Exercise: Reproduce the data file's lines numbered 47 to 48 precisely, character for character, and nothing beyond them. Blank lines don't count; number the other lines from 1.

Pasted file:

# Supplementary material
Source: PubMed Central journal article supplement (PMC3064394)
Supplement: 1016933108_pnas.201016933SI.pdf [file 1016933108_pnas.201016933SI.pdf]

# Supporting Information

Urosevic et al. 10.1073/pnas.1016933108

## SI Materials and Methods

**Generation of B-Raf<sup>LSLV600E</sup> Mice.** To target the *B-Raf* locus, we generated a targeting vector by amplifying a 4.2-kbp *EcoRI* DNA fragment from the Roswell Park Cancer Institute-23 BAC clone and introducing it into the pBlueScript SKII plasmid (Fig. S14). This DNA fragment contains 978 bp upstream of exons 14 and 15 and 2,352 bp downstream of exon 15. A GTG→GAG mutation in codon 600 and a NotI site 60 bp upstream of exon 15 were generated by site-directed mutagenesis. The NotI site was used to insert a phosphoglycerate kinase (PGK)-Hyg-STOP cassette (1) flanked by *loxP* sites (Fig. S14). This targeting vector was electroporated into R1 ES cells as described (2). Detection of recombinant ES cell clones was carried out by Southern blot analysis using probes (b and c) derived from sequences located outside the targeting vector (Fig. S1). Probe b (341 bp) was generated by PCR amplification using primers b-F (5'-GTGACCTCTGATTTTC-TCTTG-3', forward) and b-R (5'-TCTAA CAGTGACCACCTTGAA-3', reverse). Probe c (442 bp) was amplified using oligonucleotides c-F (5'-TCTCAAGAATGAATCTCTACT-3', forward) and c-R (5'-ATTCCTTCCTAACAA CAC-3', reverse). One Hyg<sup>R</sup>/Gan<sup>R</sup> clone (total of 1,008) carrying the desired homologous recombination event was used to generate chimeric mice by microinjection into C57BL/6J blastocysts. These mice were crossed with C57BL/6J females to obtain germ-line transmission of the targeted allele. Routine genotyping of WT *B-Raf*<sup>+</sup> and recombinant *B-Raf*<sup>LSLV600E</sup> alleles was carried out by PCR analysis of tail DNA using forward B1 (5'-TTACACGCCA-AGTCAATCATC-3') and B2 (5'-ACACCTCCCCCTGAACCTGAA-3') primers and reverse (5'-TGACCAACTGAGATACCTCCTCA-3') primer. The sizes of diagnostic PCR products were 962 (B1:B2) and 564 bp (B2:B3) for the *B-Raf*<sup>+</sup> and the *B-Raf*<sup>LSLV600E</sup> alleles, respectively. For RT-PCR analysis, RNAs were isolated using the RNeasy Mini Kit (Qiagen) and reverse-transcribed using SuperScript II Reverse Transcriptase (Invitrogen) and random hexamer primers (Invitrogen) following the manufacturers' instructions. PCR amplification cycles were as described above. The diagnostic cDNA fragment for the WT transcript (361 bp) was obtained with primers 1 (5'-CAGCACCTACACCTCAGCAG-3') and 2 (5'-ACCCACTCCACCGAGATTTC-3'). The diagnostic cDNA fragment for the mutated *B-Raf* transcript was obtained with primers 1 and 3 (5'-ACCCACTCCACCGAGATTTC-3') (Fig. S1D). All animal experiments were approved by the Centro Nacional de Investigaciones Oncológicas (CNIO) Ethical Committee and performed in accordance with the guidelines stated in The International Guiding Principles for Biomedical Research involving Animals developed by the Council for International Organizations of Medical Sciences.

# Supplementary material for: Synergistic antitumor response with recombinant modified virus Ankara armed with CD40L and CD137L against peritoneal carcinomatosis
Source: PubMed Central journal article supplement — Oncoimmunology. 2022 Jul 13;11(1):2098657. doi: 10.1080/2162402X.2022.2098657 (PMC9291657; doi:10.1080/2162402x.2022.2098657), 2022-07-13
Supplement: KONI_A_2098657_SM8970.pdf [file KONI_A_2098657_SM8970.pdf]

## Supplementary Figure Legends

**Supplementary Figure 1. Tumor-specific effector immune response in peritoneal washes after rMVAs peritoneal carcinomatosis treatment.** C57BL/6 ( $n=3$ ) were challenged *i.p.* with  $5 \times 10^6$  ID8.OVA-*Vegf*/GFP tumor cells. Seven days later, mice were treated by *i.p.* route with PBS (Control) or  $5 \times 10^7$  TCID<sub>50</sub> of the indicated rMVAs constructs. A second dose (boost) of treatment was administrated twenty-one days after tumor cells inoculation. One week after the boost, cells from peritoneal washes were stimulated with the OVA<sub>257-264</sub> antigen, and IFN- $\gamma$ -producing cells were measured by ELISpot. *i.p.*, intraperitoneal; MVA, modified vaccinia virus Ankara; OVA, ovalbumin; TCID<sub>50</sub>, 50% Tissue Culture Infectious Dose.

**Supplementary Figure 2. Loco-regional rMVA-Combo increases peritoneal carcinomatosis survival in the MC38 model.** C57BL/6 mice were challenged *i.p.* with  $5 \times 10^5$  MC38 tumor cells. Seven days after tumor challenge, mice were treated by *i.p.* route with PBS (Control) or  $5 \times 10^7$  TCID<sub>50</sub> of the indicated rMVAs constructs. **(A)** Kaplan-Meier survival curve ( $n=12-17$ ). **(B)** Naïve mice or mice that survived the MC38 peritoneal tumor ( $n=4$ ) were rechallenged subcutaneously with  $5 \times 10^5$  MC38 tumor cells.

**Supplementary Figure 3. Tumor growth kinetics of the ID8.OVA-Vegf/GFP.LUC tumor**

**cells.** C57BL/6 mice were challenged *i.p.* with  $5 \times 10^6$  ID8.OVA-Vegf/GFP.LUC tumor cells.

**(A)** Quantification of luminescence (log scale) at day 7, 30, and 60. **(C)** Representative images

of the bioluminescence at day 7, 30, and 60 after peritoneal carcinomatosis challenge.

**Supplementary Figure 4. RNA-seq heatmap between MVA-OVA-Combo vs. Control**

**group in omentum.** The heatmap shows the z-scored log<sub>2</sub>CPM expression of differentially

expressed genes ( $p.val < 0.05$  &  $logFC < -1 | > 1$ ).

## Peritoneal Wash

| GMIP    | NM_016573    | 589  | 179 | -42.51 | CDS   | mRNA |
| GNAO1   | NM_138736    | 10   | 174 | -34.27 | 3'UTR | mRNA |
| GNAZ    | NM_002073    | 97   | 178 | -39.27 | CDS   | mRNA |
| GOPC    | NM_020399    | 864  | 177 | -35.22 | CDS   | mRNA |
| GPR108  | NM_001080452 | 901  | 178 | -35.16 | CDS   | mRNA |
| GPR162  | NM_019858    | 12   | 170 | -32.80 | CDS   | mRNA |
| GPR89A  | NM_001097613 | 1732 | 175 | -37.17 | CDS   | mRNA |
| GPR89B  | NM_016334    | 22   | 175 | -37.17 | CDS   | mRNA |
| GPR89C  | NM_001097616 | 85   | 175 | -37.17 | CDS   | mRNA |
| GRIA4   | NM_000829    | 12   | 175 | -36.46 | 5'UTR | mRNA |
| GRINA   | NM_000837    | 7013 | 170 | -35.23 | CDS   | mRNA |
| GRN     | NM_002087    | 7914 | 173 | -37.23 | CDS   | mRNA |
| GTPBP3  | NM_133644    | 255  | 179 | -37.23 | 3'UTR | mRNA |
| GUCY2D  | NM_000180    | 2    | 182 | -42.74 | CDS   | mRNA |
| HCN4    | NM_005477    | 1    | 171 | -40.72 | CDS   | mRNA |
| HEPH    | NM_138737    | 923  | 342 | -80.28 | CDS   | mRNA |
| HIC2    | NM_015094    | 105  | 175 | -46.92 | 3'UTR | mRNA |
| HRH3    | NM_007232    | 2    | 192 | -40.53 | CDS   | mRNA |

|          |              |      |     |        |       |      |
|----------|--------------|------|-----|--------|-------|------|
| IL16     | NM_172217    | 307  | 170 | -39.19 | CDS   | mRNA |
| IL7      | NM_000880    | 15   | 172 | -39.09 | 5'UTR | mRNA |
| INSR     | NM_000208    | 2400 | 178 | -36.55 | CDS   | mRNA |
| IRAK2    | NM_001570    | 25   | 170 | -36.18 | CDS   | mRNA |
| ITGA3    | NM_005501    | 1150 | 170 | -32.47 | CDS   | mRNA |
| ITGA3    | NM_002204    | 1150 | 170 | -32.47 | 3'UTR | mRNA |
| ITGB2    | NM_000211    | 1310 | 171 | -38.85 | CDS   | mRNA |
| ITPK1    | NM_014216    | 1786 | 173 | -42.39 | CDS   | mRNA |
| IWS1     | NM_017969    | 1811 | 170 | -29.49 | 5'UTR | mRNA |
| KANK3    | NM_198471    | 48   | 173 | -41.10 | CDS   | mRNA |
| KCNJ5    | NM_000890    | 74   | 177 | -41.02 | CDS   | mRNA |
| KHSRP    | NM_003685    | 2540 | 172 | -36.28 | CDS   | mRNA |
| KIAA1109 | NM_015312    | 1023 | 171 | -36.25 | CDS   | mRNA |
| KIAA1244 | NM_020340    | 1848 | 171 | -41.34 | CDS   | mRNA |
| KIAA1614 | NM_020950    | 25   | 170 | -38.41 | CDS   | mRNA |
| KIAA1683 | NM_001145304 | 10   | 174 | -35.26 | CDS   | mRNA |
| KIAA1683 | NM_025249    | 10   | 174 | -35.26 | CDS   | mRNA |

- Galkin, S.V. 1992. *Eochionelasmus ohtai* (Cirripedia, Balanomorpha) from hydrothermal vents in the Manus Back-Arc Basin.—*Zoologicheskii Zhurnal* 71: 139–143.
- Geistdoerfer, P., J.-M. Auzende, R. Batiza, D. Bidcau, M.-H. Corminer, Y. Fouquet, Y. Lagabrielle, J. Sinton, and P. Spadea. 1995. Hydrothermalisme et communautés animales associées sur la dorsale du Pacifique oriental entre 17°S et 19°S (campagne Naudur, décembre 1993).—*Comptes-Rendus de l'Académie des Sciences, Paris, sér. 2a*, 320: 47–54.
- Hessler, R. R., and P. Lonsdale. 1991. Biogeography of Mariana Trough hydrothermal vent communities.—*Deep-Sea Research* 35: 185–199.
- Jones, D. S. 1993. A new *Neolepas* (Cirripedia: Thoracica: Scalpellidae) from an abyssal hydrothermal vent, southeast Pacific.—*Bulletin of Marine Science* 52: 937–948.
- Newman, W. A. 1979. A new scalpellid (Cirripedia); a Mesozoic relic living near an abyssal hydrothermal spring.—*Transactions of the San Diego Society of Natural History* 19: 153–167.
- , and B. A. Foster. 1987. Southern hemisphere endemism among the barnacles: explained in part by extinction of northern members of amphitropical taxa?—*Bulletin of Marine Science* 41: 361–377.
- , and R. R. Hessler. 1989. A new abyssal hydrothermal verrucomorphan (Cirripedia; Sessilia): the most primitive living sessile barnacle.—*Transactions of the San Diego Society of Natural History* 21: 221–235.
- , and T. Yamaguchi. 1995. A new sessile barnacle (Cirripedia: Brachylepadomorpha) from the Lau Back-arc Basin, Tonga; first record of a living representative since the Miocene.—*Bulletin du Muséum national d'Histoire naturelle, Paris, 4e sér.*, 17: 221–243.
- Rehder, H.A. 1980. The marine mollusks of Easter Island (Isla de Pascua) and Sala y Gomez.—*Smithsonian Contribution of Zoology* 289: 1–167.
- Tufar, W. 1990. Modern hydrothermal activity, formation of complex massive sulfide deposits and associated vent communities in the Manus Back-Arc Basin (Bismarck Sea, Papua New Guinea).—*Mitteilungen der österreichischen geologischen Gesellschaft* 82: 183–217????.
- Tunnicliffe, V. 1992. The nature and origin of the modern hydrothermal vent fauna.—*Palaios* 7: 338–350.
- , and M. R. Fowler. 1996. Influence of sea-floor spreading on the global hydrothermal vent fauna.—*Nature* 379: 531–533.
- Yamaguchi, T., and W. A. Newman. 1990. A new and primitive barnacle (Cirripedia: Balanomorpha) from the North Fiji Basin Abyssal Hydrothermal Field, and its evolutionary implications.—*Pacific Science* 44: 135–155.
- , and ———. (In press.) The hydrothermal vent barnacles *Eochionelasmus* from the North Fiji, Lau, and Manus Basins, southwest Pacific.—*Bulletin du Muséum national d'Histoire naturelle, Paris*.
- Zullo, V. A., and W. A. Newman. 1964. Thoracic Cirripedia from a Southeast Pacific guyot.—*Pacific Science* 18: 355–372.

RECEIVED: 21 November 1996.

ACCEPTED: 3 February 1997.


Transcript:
| ITGA3    | NM_002204    | 1150 | 170 | -32.47 | 3'UTR | mRNA |
| ITGB2    | NM_000211    | 1310 | 171 | -38.85 | CDS   | mRNA |